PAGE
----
Climate strike scandal: Does “Fridays for Future” use Nazi slogans?

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Status: 10/26/2021 6:33 a.m.

Around the slogan “Who betrayed us? Social Democrats!” an argument has broken out. Critics accuse Fridays for Future of Nazi vocabulary. Is that what it is?

By Andrej Reisin,

During the “Fridays for Future” climate strike last Friday Activists used a controversial slogan both on social media and at the demonstration itself: In an Instagram story, a picture of the demonstration in front of the SPD party headquarters in Berlin asked: “Who betrayed us …?” The answer “Social Democrats!” was verbally supplemented according to media reports at the demo.

Many Social Democrats, but also politicians from other parties and numerous commentators reacted indignantly to this. The Berlin Social Democrat Robert Pietsch tweeted the picture of an NSDAP election poster that also uses the slogan in a slightly turned away form: “Who betrayed us …? The Social Democrats”. Pietsch wrote about this: “I don’t understand how enlightened progressive people keep coming up with this saying, whose historical context also includes the Nazi era and the fact that thousands of social democrats were murdered within it.”

Nazi rhetoric or a popular saying?

This interpretation, however, sparked criticism again: This is how the features editor of the “Frankfurter Allgemeine Zeitung” (FAZ), Patrick Bahners, replied: “That is a winged word in German political language and has always been used for left-wing criticism of the SPD young people show an awareness of history, with a dash of irony. “

The CDU interior expert Christoph de Vries spoke in the “Bild” newspaper of “Nazi and communist rhetoric” which is “not under puppy protection in Germany”. Should Fridays for Future become more radical, he believes that the organization must be monitored by the Office for the Protection of the Constitution.

Parole experienced its climax in the Weimar Republic

In fact, the slogan comes from the days of the November Revolution of 1918, from which the Weimar Republic emerged – and was initially clearly used by radical left groups against the SPD. Already in the course of the SPD’s approval of the war credits of the German Empire in World War I – the so-called “Burgfrieden” with the Emperor and the bourgeois parties – the German social democracy had split: As a result, the Independent Social Democratic Party of Germany (USPD) was founded in 1917. The “betrayal” that Karl Liebknecht, among others, scourged referred to the SPD’s attitude towards the First World War.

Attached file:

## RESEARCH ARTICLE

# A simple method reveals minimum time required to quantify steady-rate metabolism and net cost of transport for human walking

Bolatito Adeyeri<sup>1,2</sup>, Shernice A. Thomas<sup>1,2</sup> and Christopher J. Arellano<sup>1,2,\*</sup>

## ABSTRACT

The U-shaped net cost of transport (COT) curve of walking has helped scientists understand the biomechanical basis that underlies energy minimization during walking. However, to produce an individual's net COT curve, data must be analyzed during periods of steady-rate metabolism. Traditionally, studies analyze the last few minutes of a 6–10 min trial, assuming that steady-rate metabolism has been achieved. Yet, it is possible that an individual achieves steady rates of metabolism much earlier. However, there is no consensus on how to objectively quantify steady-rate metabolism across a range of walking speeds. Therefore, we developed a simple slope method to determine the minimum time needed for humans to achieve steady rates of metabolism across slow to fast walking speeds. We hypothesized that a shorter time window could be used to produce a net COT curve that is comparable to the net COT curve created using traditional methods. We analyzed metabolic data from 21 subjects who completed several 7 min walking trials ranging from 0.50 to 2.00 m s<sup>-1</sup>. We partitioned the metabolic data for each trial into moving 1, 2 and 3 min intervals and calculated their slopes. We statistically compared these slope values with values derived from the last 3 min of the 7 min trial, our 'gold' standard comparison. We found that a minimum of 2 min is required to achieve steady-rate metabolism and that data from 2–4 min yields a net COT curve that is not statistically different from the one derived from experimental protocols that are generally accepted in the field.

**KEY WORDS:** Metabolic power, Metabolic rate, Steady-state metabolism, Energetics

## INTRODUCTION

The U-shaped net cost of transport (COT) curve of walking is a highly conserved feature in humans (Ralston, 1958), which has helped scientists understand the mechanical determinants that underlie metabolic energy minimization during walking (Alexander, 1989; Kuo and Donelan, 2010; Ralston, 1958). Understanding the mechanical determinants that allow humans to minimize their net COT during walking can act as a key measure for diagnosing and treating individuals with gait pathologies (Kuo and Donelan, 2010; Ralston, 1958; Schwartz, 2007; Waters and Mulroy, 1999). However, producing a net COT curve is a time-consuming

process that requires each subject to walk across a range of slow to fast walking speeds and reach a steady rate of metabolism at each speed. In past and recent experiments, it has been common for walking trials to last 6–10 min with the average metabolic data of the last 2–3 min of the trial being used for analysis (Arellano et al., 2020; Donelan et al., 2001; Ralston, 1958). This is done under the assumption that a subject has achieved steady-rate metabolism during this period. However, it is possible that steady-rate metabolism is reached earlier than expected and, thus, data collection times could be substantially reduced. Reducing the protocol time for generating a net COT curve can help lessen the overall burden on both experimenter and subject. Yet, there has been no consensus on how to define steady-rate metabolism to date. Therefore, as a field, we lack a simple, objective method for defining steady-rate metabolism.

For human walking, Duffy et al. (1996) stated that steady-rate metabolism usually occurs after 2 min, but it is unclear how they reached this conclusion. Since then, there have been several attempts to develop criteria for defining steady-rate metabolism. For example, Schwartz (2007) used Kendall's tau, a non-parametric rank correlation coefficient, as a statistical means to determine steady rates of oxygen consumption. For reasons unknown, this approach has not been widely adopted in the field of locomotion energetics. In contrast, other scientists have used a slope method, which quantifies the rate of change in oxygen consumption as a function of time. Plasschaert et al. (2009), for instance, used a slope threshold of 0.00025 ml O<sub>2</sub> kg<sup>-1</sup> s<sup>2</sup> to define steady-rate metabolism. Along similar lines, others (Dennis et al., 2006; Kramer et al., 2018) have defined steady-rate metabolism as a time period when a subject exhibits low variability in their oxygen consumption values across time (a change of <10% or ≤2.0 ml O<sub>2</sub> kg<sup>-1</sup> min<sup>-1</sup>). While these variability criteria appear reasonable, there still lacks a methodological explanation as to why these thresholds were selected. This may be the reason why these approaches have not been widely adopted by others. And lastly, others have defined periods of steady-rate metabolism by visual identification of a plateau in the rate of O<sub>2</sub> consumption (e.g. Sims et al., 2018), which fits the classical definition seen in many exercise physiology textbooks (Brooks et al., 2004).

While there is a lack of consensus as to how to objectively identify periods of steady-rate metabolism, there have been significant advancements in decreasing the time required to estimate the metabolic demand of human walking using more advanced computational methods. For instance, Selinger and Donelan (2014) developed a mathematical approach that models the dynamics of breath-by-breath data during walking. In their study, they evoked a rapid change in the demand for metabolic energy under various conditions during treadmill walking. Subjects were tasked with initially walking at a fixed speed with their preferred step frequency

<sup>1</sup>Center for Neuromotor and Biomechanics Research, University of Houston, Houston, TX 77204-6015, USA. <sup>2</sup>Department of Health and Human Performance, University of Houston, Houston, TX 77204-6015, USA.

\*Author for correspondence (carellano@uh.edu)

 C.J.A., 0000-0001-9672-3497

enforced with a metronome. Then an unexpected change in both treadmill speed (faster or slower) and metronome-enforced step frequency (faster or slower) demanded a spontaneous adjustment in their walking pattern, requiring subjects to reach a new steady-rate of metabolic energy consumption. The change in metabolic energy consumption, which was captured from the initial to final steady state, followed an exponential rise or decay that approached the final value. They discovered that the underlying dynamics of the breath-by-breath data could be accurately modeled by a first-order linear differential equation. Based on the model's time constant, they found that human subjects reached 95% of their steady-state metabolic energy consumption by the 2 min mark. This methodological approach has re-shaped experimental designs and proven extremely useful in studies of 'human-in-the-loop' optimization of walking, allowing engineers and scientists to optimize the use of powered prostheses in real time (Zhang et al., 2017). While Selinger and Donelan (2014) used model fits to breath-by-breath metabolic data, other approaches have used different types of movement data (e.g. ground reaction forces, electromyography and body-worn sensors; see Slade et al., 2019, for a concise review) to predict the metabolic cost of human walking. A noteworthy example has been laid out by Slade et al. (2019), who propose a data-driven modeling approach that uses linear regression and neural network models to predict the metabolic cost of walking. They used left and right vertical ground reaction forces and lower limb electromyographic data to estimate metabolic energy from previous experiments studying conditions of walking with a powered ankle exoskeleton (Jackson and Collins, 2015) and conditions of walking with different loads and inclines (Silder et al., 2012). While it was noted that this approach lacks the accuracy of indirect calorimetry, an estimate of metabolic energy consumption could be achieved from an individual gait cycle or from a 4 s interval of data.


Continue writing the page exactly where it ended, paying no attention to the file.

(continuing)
After the murder of Liebknecht and Rosa Luxemburg by right-wing and anti-republic Freikorps soldiers on January 15, 1919, the slogan finally matured into a left-wing radical slogan against social democracy. According to current research, this was done at least with the approval of the SPD politician and later Reichswehr Minister Gustav Noske. He was also politically responsible for the subsequent suppression of the so-called March fighting in Berlin, in which around 1200 people were killed.

In other cities of the Reich, too, the Freikorps and Reichwehr used bloody violence against left-wing revolutionary efforts that cost thousands more lives. For the Communist Party of Germany (KPD), newly founded in 1919, it was therefore clear who had betrayed it – and from then on it propagated and posterized the slogan in large numbers.

Use by right-wing circles and the NSDAP

But the slogan was also demonstrably popular in right-wing political circles of the Weimar Republic: They also used right-wing enemies of the republic who blamed the revolution and democracy for the lost war, since the Reichwehr remained “undefeated in the field” (“stab in the back legend”) . The fact that the National Socialists also appropriated the slogan for their propaganda is undisputed – and is proven by examples.

In reality, the military defeat was inevitable and the officers in charge of the Supreme Army Command, Erich Ludendorff and Paul von Hindenburg, deliberately launched the legend of the stab in the back. The civilian signatory of the German armistice, the Center MP Matthias Erzberger, was murdered by right-wing terrorist assassins as a result of the agitation in 1921.

Under the National Socialists, members of the SPD and KPD ultimately fell victim to persecution and murder.

Revival by 68s

After the Second World War, the slogan experienced a return in the course of the student movement from 1968, which saw itself again as left-wing revolutionary and added the following rhymes to demonstrations: “Who betrayed us? Social Democrats! And who was right? Karl Liebknecht! “.

Culturally, too, the slogan has become an integral part of the extra-parliamentary left. The cabaret artist and songwriter Marc-Uwe Kling, for example, updated the slogan in 2008 in the form of a song. As early as 2003, the Bochum punk band “Die Kassierer” released a song called “The Political Song”, the only two lines of which were from “Who betrayed us? Social Democrats! Who was there? The Green Party!” The latter formula, which became widespread after the Greens’ first participation in government at federal level in 1998 – and their subsequent approval of the Bundeswehr’s mission in Kosovo – is said to have been called in Berlin on Friday, according to media reports.

So whoever uses the slogan today is mostly doing it from the far left against the SPD. In this respect, the accusation that it is a Nazi slogan is too simple and historically largely wrong. However, its use is not entirely unproblematic: Because one uses a formula that has historically at least been misused – and met with bitter rejection from many social democrats. The accusation that one way or another is a radical slogan can therefore not be completely dismissed, neither historically nor currently.

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